At this point in a presidential general-election cycle, we would normally be talking about the relative levels of “enthusiasm” for each major-party candidate as a potential contributor to turnout levels. Instead we are mostly talking about the antipathy of voters for both Hillary Clinton and Donald Trump, the two most unpopular major-party presidential nominees since at least the 1960s and 1970s.
Does that mean we are likely to have a low-turnout election? Maybe not, says veteran political observer Charlie Cook:
With such a large pool of ambivalent or unenthusiastic voters, gauging turnout will be particularly problematic. Many are suggesting an unusually or historically low turnout, but my own theory is that we are more likely to have an average to high level of voter participation. The intensity of the hatred for one or the other is so high among so many that the option of refraining from voting at all seems abhorrent to many of these voters. Some can’t see themselves sleeping at night if Trump were to win and they hadn’t voted against him; others feel the same way about Clinton. Given that election officials do not separate the ballots of those voting against someone from those voting for someone, a vote is a vote, no matter the motive.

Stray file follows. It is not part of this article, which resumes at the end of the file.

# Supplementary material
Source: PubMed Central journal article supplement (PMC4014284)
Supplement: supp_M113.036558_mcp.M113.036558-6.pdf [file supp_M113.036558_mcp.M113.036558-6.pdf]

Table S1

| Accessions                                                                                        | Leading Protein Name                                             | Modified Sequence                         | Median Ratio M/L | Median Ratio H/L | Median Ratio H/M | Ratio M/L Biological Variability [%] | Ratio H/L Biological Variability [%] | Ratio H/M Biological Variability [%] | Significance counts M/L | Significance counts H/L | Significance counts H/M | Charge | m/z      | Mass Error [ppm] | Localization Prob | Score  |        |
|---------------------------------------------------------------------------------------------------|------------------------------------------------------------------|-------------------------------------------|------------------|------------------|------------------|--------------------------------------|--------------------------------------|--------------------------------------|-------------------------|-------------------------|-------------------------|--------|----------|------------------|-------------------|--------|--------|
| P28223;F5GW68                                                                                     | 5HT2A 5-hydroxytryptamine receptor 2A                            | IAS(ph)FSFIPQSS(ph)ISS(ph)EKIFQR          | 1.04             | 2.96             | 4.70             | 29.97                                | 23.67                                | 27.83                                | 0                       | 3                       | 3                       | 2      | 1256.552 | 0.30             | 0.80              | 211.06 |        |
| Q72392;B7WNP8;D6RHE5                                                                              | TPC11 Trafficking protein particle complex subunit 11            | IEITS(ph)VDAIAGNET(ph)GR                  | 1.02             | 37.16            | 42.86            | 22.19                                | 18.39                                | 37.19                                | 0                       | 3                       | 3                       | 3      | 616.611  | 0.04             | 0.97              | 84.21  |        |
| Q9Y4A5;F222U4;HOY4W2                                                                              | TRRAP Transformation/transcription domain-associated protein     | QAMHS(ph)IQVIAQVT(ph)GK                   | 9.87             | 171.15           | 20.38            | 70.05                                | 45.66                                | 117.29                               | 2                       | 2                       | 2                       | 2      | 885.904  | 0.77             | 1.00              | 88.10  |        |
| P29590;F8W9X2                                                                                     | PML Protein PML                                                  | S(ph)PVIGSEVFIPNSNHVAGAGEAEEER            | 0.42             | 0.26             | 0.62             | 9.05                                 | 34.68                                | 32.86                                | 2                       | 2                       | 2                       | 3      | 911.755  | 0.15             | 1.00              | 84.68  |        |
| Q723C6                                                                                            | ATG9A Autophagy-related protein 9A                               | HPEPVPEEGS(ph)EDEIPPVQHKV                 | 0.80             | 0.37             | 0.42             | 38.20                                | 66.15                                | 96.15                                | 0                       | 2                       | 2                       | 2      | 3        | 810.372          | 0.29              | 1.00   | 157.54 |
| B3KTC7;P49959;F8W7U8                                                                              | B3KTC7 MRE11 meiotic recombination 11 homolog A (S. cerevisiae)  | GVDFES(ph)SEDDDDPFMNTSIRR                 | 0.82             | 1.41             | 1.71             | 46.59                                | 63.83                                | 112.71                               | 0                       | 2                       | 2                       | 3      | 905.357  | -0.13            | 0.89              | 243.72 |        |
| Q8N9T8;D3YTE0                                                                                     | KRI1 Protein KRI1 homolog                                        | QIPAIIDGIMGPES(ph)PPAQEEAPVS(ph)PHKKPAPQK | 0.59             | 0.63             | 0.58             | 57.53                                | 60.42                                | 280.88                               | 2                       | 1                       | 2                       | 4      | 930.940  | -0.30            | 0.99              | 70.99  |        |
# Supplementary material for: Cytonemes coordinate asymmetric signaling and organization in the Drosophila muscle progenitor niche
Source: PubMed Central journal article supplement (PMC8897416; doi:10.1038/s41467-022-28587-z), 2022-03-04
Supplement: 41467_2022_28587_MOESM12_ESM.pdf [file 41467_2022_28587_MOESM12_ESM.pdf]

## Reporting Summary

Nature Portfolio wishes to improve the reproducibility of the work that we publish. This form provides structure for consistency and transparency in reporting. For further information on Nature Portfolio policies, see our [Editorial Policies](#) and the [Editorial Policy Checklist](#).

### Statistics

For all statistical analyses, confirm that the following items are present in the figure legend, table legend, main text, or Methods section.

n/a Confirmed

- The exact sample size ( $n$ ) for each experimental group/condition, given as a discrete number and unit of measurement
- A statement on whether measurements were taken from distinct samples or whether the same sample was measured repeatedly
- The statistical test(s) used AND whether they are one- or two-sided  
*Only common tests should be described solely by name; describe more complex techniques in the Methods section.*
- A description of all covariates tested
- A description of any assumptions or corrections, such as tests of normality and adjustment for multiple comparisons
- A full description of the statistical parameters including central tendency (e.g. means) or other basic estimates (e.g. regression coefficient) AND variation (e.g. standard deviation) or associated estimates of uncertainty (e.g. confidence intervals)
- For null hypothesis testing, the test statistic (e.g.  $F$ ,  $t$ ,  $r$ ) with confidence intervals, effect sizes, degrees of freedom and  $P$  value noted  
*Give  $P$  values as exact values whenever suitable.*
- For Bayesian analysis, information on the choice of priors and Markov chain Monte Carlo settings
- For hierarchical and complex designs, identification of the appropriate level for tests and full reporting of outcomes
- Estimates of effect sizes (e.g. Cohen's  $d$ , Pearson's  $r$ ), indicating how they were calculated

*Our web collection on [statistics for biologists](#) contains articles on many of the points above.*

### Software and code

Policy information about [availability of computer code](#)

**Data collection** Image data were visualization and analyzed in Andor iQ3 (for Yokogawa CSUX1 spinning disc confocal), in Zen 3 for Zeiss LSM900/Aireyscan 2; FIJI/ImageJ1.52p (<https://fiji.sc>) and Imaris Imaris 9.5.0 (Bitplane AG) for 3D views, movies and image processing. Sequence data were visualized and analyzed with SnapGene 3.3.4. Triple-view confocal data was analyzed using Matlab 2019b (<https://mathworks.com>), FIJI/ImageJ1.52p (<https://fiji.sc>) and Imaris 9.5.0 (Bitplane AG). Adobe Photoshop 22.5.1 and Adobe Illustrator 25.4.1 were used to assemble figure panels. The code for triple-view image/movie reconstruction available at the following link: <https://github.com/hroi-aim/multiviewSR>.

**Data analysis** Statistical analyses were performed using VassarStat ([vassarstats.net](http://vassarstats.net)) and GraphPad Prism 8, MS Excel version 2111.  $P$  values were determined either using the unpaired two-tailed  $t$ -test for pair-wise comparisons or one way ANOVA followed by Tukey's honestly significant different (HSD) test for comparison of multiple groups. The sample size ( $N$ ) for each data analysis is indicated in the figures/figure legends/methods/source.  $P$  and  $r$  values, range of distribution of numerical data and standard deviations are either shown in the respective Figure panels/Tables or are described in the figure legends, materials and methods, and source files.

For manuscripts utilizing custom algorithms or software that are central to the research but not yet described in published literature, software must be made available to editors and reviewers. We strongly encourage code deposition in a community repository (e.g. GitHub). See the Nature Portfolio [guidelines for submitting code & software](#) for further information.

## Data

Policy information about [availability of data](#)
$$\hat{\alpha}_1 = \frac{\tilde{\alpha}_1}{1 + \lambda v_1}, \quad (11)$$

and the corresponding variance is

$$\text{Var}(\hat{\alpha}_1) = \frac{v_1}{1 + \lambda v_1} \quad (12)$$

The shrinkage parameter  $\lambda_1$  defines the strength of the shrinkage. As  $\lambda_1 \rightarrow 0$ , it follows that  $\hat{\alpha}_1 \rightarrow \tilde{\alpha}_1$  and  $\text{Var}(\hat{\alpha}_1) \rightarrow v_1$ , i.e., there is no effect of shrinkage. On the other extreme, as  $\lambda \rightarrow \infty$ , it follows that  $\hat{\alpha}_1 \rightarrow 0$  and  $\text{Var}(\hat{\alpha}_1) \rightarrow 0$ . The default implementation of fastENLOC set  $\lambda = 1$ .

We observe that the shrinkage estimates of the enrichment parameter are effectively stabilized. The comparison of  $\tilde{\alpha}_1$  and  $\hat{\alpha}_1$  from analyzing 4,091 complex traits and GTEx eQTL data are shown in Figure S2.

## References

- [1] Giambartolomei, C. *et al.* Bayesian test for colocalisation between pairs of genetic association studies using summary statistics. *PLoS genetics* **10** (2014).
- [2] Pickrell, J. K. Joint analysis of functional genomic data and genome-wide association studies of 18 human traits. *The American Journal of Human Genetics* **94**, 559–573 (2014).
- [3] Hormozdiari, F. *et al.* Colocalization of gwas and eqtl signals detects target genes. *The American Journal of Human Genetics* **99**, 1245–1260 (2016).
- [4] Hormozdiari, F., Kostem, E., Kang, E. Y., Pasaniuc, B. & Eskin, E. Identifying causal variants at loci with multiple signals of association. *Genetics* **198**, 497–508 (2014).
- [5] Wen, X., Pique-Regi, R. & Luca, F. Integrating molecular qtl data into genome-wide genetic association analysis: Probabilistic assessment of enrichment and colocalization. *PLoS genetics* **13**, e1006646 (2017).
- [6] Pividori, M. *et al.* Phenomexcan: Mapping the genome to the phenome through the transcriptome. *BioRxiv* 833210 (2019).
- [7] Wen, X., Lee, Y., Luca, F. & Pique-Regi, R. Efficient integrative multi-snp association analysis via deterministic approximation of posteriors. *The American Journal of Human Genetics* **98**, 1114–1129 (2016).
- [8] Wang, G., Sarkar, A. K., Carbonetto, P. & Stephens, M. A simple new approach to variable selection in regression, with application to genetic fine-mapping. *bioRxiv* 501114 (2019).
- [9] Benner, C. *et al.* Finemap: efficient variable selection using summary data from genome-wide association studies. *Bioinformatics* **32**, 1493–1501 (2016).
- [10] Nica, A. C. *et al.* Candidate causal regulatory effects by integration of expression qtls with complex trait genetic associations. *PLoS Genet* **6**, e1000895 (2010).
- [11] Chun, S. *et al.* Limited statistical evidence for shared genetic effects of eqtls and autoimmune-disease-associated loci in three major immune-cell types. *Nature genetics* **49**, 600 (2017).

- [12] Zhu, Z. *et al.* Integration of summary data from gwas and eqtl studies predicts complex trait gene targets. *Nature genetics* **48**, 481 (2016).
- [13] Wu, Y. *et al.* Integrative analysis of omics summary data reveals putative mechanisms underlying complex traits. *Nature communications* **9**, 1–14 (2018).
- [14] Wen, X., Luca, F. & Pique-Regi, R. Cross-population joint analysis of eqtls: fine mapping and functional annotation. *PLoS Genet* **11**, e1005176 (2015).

Cook also notes that a strong interest in the election is evident, even if “enthusiasm” for the candidates is low:
The polling is clear that Americans are watching this election closely, and that while many are unenthusiastic about their choices, there is a strong sentiment that the outcome is important, that who wins matters. That points to pretty good turnout, even if voters don’t have a real spring in their step walking up to the polling place or mark their ballot with a flourish.
I’ve always liked to say in response to people who obsess over “enthusiasm” that you do not get bonus votes for being psyched out of your skull as you snake-dance to the polls with your ideological or partisan buddies. The same is true of those who drag themselves to the polls because they are concerned Clinton or Trump will rob them of their priceless heritage of freedom, or bankrupt the country, or expose us to foreign or domestic threats. The fearful or hateful voter gets one vote, just like everybody else.
It’s true that other factors affect turnout, such as the apparent belief of the Trump campaign that it does not need a Get Out the Vote or even much of a voter targeting operation, as compared to the Clinton’s campaign’s commitment to robust investments in both data for voter targeting and traditional and social-media-driven GOTV. That may not affect overall levels of national turnout a whole lot, but at the margins and in battleground states, it could make a crucial difference.
But it’s unlikely the Trump campaign will be outgunned in the hate and fear department. That does seem to be an area where his campaign has a true surplus of assets.